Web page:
Did you buy the 12-inch MacBook? I did, but not because I wanted one.
No: the laptop I really wanted was a new MacBook Air, or even a redesigned 13-inch Retina MacBook Pro with a sleeker chassis. Of course, neither came. And like many other Air fans, I realised that another year was to pass by without Apple’s best laptop getting an upgrade. So I bought the next best thing.
The MacBook is all about compromise. With more pixels than the Air, its display allows me to be more productive on the move and slinging it into a backpack almost feels like cheating. While no powerhouse (editing 4K images on it is slightly painful), it handles basic tasks with ease.
One year later, Apple has refreshed the MacBook with Intel’s sixth-generation Skylake processors while introducing faster storage, memory and graphics for the same price. The most interesting change is on the outside: a new Rose Gold finish that genuinely makes me consider owning a shiny pink laptop for the first time. Gender stereotypes be damned.
But despite its upgrades, the new MacBook is not the MacBook Air replacement that rumors once again predict will arrive this summer – it’s the same unique, dazzling and challenging laptop as the one that launched one year ago. Only faster, and with longer-lasting battery life.
A new processor, coupled with faster internal storage, memory and graphics has brought tangible improvements to the MacBook’s performance. You’ll still have to somehow manage with a single USB-C port, bolting on adapters and connectors to equip your FrankenMac with vital extra limbs.
And if you didn’t get on with its super-shallow keyboard, your fingers will remain as unconvinced as they were before – especially during long typing sessions. The MacBook brings more megahertz, and I’m not talking about clock speed.
Big money Mac
Some people expected Apple to discount its refreshed MacBook to sweeten the deal. It didn’t. The entry-level model still costs £1,049 ($1,299 or AUS$1,999), around $50/$73/AUS$99 more than the 13-inch Retina MacBook Pro.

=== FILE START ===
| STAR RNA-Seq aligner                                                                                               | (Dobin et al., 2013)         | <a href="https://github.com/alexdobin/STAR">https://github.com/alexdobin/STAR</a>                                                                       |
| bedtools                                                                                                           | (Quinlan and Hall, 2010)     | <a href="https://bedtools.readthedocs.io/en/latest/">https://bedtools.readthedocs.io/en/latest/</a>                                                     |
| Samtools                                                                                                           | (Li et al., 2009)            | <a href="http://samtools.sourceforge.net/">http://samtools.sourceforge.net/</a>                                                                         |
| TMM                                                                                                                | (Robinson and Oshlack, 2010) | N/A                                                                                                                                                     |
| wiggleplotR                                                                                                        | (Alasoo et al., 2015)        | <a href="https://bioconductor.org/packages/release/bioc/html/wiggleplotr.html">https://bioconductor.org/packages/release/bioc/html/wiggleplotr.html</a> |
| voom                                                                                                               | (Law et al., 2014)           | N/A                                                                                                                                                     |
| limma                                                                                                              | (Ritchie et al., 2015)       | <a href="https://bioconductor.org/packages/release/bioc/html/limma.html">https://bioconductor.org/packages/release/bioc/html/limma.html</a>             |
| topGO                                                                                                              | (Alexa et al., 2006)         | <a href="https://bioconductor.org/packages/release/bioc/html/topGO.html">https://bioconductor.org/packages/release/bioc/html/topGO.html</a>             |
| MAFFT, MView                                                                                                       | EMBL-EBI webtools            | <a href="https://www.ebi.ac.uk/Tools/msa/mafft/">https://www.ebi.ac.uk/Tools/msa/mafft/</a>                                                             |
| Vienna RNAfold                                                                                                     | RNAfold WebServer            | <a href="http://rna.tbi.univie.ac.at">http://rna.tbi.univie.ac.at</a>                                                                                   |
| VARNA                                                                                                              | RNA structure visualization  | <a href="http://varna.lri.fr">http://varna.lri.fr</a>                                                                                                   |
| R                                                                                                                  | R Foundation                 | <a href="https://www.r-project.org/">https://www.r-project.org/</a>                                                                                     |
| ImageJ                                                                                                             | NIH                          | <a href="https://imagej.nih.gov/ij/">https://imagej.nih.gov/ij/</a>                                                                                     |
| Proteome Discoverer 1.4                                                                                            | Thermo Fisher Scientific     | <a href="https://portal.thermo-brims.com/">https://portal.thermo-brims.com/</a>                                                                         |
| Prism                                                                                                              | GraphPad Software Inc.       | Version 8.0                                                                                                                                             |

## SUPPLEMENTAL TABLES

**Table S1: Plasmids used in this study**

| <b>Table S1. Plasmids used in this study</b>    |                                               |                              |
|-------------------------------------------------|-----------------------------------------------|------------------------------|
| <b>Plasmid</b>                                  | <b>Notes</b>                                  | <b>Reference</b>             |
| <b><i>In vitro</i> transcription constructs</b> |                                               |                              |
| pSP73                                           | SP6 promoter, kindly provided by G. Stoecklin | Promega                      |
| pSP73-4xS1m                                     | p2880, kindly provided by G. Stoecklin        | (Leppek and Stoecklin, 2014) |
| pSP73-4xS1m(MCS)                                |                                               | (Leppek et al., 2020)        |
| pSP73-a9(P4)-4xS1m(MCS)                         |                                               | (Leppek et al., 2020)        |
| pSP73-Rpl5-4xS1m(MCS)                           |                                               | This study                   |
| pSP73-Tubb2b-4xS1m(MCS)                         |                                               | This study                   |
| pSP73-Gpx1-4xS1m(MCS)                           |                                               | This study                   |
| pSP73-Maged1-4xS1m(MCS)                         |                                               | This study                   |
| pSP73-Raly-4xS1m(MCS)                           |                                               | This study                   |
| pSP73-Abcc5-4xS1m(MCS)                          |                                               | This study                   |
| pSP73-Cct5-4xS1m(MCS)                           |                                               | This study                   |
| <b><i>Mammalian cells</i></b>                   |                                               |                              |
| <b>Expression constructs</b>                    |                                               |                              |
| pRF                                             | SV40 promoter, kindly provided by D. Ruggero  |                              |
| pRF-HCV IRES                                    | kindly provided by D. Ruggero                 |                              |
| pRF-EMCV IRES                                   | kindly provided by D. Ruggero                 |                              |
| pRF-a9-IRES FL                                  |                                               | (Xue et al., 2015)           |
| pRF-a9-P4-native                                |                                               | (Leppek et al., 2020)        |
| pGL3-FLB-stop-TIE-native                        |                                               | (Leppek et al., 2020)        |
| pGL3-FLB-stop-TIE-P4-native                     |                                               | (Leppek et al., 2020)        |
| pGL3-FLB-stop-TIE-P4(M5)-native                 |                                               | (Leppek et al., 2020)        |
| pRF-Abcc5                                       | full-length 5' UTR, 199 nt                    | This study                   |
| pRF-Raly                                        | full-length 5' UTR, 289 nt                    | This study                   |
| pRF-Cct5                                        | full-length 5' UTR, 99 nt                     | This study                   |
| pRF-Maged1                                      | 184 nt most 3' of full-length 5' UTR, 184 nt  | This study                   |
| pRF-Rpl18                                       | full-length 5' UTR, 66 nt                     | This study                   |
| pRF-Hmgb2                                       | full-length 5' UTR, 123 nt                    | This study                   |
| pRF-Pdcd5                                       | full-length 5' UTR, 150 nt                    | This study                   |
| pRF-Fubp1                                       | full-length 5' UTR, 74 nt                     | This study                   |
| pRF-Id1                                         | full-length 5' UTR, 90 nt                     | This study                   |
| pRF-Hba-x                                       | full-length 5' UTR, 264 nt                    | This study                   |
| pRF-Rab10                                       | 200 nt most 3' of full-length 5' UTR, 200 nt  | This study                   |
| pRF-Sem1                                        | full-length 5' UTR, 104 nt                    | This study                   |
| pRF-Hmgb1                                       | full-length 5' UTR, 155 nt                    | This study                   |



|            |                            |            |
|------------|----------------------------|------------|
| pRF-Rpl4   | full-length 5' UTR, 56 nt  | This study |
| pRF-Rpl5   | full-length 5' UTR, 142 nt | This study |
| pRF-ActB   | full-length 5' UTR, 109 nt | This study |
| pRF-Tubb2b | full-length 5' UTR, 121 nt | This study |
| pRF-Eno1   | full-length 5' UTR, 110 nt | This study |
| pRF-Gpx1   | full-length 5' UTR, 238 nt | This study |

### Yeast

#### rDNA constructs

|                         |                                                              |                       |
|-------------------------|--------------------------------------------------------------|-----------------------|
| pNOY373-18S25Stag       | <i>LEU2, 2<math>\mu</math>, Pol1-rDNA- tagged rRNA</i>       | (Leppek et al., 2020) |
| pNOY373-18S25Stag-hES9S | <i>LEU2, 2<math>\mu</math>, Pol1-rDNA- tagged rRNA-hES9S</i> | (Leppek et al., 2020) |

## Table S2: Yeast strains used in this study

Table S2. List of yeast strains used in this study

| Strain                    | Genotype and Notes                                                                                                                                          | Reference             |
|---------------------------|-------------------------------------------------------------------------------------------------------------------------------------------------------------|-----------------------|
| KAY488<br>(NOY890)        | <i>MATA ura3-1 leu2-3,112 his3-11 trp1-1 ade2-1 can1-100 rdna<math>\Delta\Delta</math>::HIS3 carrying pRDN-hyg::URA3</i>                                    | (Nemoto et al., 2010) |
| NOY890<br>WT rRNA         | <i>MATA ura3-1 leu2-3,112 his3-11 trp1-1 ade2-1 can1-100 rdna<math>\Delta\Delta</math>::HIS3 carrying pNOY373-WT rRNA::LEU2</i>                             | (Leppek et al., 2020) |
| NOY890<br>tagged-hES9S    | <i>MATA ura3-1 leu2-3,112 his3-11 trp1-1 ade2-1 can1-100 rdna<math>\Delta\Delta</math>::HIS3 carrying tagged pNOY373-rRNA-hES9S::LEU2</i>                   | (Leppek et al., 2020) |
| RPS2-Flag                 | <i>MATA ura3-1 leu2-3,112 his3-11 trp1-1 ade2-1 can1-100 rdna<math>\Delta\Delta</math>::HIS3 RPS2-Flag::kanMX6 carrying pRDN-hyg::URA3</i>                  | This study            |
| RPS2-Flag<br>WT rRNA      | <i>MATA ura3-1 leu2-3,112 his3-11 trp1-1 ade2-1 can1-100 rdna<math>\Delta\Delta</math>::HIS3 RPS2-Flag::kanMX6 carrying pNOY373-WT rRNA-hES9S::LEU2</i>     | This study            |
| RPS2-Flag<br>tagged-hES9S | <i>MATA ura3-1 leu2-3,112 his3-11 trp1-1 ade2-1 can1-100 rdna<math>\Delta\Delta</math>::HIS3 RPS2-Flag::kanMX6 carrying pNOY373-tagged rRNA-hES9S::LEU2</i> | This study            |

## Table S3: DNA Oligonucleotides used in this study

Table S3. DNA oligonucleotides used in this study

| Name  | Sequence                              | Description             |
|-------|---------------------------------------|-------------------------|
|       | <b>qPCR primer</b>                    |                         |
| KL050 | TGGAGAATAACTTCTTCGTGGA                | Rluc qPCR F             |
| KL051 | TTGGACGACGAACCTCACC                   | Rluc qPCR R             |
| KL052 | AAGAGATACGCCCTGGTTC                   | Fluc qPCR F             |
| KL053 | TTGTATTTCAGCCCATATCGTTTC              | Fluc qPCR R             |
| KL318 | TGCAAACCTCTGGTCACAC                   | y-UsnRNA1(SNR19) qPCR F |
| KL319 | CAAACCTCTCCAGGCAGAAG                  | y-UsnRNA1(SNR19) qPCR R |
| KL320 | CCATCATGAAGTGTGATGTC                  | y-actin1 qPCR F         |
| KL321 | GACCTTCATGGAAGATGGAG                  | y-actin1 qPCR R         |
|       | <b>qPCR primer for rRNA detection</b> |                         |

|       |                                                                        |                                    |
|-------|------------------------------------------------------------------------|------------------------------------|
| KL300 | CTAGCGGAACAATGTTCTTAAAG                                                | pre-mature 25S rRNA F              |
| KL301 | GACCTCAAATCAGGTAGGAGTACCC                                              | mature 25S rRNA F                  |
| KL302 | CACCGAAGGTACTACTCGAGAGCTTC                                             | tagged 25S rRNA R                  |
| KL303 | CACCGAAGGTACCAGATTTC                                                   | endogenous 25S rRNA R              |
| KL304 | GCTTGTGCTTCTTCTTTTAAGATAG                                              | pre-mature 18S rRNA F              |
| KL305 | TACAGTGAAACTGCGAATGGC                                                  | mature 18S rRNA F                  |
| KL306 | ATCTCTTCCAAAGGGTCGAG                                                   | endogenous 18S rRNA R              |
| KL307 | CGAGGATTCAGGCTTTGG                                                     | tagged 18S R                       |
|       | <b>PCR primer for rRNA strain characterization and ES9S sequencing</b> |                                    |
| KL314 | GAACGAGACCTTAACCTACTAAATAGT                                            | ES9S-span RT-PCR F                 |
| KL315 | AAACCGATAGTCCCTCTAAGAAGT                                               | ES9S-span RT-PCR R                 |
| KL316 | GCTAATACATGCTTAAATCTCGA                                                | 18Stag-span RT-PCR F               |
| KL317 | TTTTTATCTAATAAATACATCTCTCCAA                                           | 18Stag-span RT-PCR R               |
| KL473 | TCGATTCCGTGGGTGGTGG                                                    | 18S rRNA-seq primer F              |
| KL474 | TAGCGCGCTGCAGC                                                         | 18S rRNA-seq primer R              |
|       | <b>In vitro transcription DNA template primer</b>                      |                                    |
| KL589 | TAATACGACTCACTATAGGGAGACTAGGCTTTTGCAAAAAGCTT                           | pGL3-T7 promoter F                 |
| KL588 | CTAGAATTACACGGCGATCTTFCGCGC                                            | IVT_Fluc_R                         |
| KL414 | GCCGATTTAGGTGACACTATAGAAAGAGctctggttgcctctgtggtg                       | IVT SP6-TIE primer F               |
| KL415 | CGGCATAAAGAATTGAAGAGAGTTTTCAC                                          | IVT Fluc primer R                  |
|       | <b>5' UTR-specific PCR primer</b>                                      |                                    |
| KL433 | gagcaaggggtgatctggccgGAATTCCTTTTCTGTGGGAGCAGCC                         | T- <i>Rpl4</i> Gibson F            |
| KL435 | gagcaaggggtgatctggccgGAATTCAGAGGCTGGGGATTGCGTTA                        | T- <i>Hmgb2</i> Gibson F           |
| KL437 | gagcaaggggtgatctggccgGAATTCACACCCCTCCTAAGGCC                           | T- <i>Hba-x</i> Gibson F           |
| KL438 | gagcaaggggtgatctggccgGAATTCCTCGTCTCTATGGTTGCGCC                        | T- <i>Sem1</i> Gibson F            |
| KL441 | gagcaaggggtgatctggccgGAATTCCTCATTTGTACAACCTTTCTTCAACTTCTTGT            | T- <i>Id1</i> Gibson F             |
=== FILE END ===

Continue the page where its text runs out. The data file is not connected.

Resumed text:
If the cost remains too high for you, then consider picking up last year’s version from Apple’s refurb store. While the 2016 refresh is technically the better machine, you wouldn’t be able to tell the difference between the two when undertaking low-level tasks such as surfing the web or typing up documents in Pages.
At the time of writing, the entry-level version is on there for £749 (around $1,108 or AUS$1,457) alongside eight other models of varying specs and price.
Specifications and features
Apple often shaves a millimetre or two from its laptops when they undergo refreshes, but the 12-inch MacBook leaves no room. At 11 x 7.8 x 0.5 inches (or 280 x 197 x 13.1mm – W x D x H), the MacBook has a smaller footprint than another skinny Core M-powered laptop, the Asus UX305, which spans 12.7 x 8.9 x 0.5 inches (324 x 226 x 321mm).
It also out-skinnies the MacBook Air’s 12.5 x 8.9 x 0.6 inches (325 x 227 x 17mm). The 12-inch MacBook is the lighter of the two laptops, weighing just 2.03 pounds compared to the Air’s 2.38 pounds. That’s roughly the same as holding two iPad Pro 9.7s in the hand.